The school marked my child absent from school every afternoon we went to counseling. Of course, multiple unexcused absences can result in consequences.
Kids desperately need the opportunity and permission to take a day off school when they are struggling, without the possibility of being punished for doing so.
I was furious. If a child can be excused from school to go to the doctor for a sore throat or to get allergy tested, why is my child not excused from school for mental health? Why is a dental appointment prioritized over a counseling session?
Furthermore, my child’s large school shared a social worker with another large school. Meaning, the social worker was swamped with a large student load. It’s not like she could carve out consistent time to meet with my child one-on-one in the school setting—nor would my child have been comfortable with that.
Just last week, my other child with special needs was in the midst of an epic meltdown. The minutes were flying by as I tried everything in my parenting toolbox to help my child regulate so I could put them on the school bus. But nothing was working. We both ended up drenched in sweat.
I finally decided to screw trying to get my child on the bus. I brought my child back into the house—and the air conditioning—and put them on my lap. For a solid 30 minutes, I held my child while they raged—yelling and thrashing—and then eventually resting and rocking in my arms.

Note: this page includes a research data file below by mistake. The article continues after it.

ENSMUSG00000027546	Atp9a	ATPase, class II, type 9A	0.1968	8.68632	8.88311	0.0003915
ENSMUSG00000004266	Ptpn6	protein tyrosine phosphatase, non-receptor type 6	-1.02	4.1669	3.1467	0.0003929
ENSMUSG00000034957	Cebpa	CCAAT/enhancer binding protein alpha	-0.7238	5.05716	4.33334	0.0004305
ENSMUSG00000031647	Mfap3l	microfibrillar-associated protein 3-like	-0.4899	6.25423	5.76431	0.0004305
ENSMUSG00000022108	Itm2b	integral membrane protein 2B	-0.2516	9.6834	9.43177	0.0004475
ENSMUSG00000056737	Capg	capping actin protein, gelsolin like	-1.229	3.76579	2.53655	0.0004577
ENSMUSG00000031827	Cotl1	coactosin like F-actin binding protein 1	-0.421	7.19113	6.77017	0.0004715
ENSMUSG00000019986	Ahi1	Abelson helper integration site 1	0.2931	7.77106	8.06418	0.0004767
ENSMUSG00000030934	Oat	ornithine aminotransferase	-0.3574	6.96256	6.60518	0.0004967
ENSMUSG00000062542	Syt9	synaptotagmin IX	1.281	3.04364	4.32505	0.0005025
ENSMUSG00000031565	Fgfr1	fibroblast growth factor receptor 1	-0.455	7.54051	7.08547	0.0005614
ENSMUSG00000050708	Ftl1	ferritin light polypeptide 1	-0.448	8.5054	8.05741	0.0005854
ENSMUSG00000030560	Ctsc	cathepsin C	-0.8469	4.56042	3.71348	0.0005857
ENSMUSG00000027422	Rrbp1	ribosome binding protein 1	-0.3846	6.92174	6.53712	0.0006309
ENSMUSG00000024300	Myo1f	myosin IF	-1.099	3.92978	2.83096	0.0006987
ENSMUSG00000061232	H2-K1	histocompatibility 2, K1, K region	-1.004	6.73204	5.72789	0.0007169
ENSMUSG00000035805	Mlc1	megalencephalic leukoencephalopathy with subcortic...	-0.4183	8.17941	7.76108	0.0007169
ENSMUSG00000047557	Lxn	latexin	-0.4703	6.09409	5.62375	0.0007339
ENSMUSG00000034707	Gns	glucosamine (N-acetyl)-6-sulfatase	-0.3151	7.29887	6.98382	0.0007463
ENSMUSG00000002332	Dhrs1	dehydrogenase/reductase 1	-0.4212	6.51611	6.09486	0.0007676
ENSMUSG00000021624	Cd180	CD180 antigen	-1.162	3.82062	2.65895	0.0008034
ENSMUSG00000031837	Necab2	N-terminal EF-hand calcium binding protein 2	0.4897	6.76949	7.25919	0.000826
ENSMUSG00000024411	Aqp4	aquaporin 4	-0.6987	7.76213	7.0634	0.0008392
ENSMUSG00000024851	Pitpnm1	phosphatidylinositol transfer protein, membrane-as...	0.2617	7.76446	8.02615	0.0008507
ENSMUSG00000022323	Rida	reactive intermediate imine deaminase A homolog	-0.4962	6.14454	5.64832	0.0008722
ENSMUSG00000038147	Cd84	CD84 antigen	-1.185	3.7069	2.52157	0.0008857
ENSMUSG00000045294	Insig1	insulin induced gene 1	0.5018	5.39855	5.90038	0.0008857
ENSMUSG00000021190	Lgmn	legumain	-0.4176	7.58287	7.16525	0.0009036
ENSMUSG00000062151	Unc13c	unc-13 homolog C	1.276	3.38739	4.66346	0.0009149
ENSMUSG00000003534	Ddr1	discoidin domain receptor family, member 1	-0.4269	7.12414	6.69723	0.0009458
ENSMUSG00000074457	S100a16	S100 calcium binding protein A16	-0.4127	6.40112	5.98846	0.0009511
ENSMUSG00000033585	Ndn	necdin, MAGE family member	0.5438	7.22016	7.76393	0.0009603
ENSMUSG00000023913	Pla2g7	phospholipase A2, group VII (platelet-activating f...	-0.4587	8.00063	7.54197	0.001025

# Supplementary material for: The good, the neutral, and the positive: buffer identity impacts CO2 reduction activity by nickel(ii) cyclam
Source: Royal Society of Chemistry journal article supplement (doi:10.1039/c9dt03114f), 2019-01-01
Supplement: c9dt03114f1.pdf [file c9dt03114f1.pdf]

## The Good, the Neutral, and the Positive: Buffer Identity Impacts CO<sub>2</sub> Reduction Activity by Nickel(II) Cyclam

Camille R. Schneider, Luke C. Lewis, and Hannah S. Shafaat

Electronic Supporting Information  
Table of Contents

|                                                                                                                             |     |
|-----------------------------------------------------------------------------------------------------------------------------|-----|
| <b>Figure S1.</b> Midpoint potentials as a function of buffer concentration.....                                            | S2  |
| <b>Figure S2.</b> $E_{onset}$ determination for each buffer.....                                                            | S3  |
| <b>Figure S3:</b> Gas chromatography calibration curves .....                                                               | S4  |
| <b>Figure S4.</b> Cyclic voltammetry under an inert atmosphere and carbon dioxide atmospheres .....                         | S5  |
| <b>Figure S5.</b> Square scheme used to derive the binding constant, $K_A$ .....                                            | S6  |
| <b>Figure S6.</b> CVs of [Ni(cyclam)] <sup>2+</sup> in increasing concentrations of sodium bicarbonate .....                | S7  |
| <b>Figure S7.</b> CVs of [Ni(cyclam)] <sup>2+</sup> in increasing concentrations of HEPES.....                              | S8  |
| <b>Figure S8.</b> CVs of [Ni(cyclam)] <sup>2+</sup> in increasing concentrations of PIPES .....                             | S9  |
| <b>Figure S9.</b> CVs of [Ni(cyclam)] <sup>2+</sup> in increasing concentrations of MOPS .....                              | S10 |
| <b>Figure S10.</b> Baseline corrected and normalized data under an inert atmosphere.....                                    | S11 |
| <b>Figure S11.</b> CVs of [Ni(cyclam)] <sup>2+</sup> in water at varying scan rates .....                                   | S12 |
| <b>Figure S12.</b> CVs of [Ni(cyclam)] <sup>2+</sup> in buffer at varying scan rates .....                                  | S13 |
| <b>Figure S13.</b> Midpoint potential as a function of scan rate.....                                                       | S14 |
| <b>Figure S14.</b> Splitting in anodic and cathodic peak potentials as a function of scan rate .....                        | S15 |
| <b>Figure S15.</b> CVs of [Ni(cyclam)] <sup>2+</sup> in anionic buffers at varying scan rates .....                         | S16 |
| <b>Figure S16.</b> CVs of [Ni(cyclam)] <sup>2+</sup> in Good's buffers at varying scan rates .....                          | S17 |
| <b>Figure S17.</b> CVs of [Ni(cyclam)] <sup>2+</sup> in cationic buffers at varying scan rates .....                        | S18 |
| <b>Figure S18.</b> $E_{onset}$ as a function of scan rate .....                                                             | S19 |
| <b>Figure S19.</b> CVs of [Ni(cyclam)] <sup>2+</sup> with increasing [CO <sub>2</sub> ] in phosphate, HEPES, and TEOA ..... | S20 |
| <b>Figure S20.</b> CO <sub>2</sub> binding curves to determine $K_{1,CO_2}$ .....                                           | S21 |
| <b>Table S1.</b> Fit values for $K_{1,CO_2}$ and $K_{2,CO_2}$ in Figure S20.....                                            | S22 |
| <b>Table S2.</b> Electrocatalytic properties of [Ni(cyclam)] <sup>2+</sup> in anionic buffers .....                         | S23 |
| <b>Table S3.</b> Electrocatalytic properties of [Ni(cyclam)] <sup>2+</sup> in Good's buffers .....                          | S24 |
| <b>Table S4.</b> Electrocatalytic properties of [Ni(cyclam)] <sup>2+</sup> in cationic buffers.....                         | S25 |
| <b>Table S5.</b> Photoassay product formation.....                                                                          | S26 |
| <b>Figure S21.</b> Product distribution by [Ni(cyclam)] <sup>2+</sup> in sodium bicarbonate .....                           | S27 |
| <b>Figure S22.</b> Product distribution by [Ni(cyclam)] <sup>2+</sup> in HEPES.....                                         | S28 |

If a child can be excused from school to go to the doctor for a sore throat or to get allergy tested, why is my child not excused from school for mental health? Why is a dental appointment prioritized over a counseling session?
I glanced at the clock and realized we only had 15 minutes until school started. I asked my child, “Are you ready to learn now?” After quickly brushing their teeth, we hopped in the minivan, and drove to the school, getting there with a few minutes to spare. After dropping my child at the door, I pulled my van over into the parking lot and sobbed.
My child really would have benefited from a behavioral health day. But that’s not an excused absence. Not yet, anyway.
Ultimately, what message is this sending our kids who are already struggling? In my mind, punishing a child for a mental illness or a behavioral disorder only breeds more shame and more of a stigma.
Our kids’ full-time job is to spend seven—or more—hours a day at school. They are supposed to be learning. But a child who is in a place of distress, who doesn’t feel safe or valued, cannot effectively learn. If districts offer children with diagnosed special needs the opportunity to reset, isn’t that a win-win?
With the rising rates of anxiety, depression, and behavioral disorders among children, we need to take a serious look at what we can do to help them versus punish them. After all, susceptible and vulnerable children need to be our top priority, not our oversight.